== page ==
• If more than 100 Senior/Key persons are included in a component, the Additional Senior Key Person attachments should be used.
    • The Exploratory Grant Director (PD/PI) must be the Core Lead for the Administrative Core.
    • An Associate Director may be named, to assist the PD/PI with oversight of the administrative and scientific efforts of the Exploratory Grant.
    • A dedicated Exploratory Grant Administrator must be included.
    • The Administrator must be familiar with NIH grants policies and practices and provide effective support to the PD/PI
    • Research investigators are not eligible to serve as the Administrator
    • Effort of Administrative Core personnel must reflect time required for effective performance of proposed duties  
    Budget (Administrative Core)

    Budget forms appropriate for the specific component will be included in the application package.

    Administrative support: Include costs for administrative personnel who will assist the PD/PI with organizational aspects of the project.

    Meeting and communications costs: Include costs for travel of project personnel to attend planned in-person meetings of the collaborative team, as well as funds necessary to hold timely web-based meetings.

    Note: The R&R Budget form included in many of the component types allows for up to 100 Senior/Key Persons in section A and 100 Equipment Items in section C prior to using attachments for additional entries. All other SF424 (R&R) instructions apply.

    PHS 398 Research Plan (Administrative Core)

    Specific Aims:  Describe the function of the Administrative Core in coordination of consortium planning and research activities and as the organizational basis for a future NINDS Udall Center application.  

    Research Strategy:  Organize the Research Strategy into sections on Significance, Innovation and Approach.

    Significance: Describe how the Administrative Core will serve as the organizational foundation for planning and research activities of the Exploratory Grant.

    Innovation: Describe how the Administrative Core utilizes novel approaches to maximize synergy among investigators to advance the stated goals of the consortium.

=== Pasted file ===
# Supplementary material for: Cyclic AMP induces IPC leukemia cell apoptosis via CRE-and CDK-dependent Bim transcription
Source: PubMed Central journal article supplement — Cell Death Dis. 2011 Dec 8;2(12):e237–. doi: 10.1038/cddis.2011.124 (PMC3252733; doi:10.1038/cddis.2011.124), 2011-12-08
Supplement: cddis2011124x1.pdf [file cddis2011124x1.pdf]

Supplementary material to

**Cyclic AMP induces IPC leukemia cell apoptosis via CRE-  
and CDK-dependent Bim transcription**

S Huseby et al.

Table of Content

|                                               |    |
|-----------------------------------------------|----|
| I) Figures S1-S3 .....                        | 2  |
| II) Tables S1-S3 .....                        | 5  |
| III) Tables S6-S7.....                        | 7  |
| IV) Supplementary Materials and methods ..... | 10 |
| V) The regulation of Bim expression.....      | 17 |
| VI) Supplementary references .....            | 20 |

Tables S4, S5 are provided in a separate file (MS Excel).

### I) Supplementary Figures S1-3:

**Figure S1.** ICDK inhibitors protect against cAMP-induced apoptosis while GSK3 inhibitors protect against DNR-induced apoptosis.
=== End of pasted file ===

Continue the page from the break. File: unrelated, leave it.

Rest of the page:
Approach: Describe the proposed activities of the Administrative Core including but not limited to the following roles:

    • Provide foundational support for the Exploratory Grant Director in consortium oversight and governance.
    • Promote the integration and function of Exploratory Grant components, including collaborating institutions, organizational components, investigators, and staff.
    • Establish and maintain effective lines of communication.
    • Define decision-making processes.
    • Develop an evaluation plan for project activities.
    • Schedule and organize periodic meetings of consortium investigators.
    • Design common protocols and outcome adjudication processes.
    • Standardize biospecimen and data collection practices.
    • As applicable: Expedite timely transfer of biospecimens to the NINDS BioSEND repository and facilitate timely entry of clinical data into the NINDS Data Management Resource or other NINDS-designated data repository.
    • Prepare and submit annual progress reports.
    • Provide assurance of compliance with NIH policy requirements.
    • Coordinate with the institution(s) and associated regulatory bodies to ensure that human subject and/or vertebrate animal research is compliant with appropriate regulations and guidelines.
    • Establish a conflict resolution plan.

    Include a detailed timeline of planning activities leading to the submission of a Udall Center application.   

    Resource Sharing Plan: Individuals are required to comply with the instructions for the Resource Sharing Plans as provided in the SF424 (R&R) Application Guide, with the following modification:

    All applications, regardless of the amount of direct costs requested for any one year, should address a Data Sharing Plan.

    As Centers of Excellence, NINDS Udall Centers are expected to share data, resources, and knowledge broadly with the research community. Therefore, Exploratory Grant applicants will detail how the Administrative Core component will coordinate efforts to:

    • Facilitate sharing of knowledge, data, research resources and biospecimens with the PD research community as appropriate and consistent with achieving the goals of the program.
    • As applicable:
    • Expedite timely transfer of information to appropriate, broadly shared databases, including the NINDS Data Management Resource (DMR) or other designated NINDS database, to fulfill data sharing goals as appropriate. Deposition of data solely into an institutional database, whether at the applicant or at a collaborator's institution, is not consistent with achieving the program goals.
    • Implement standardized collection and deposition of biospecimens into the designated NINDS biorepository, the Biospecimen Exchange for Neurological Disorders, BioSEND, as well as the NINDS Human Cell and Data Repository (NHCDR), if applicable

    Appendix:

    Only limited items are allowed in the Appendix.Follow all instructions for the Appendix as described in the SF424 (R&R) Application Guide; any instructions provided here are in addition to the SF424 (R&R) Application Guide instructions.   

    PHS Human Subjects and Clinical Trials Information (Administrative Core)

    When involving human subjects research, clinical research, and/or NIH-defined clinical trials follow all instructions for the PHS Human Subjects and Clinical Trials Information form in the SF424 (R&R) Application Guide, with the following additional instructions:

    If you answered “Yes” to the question “Are Human Subjects Involved?” on the R&R Other Project Information form, you must include at least one human subjects study record using the Study Record: PHS Human Subjects and Clinical Trials Information form or a Delayed Onset Study record.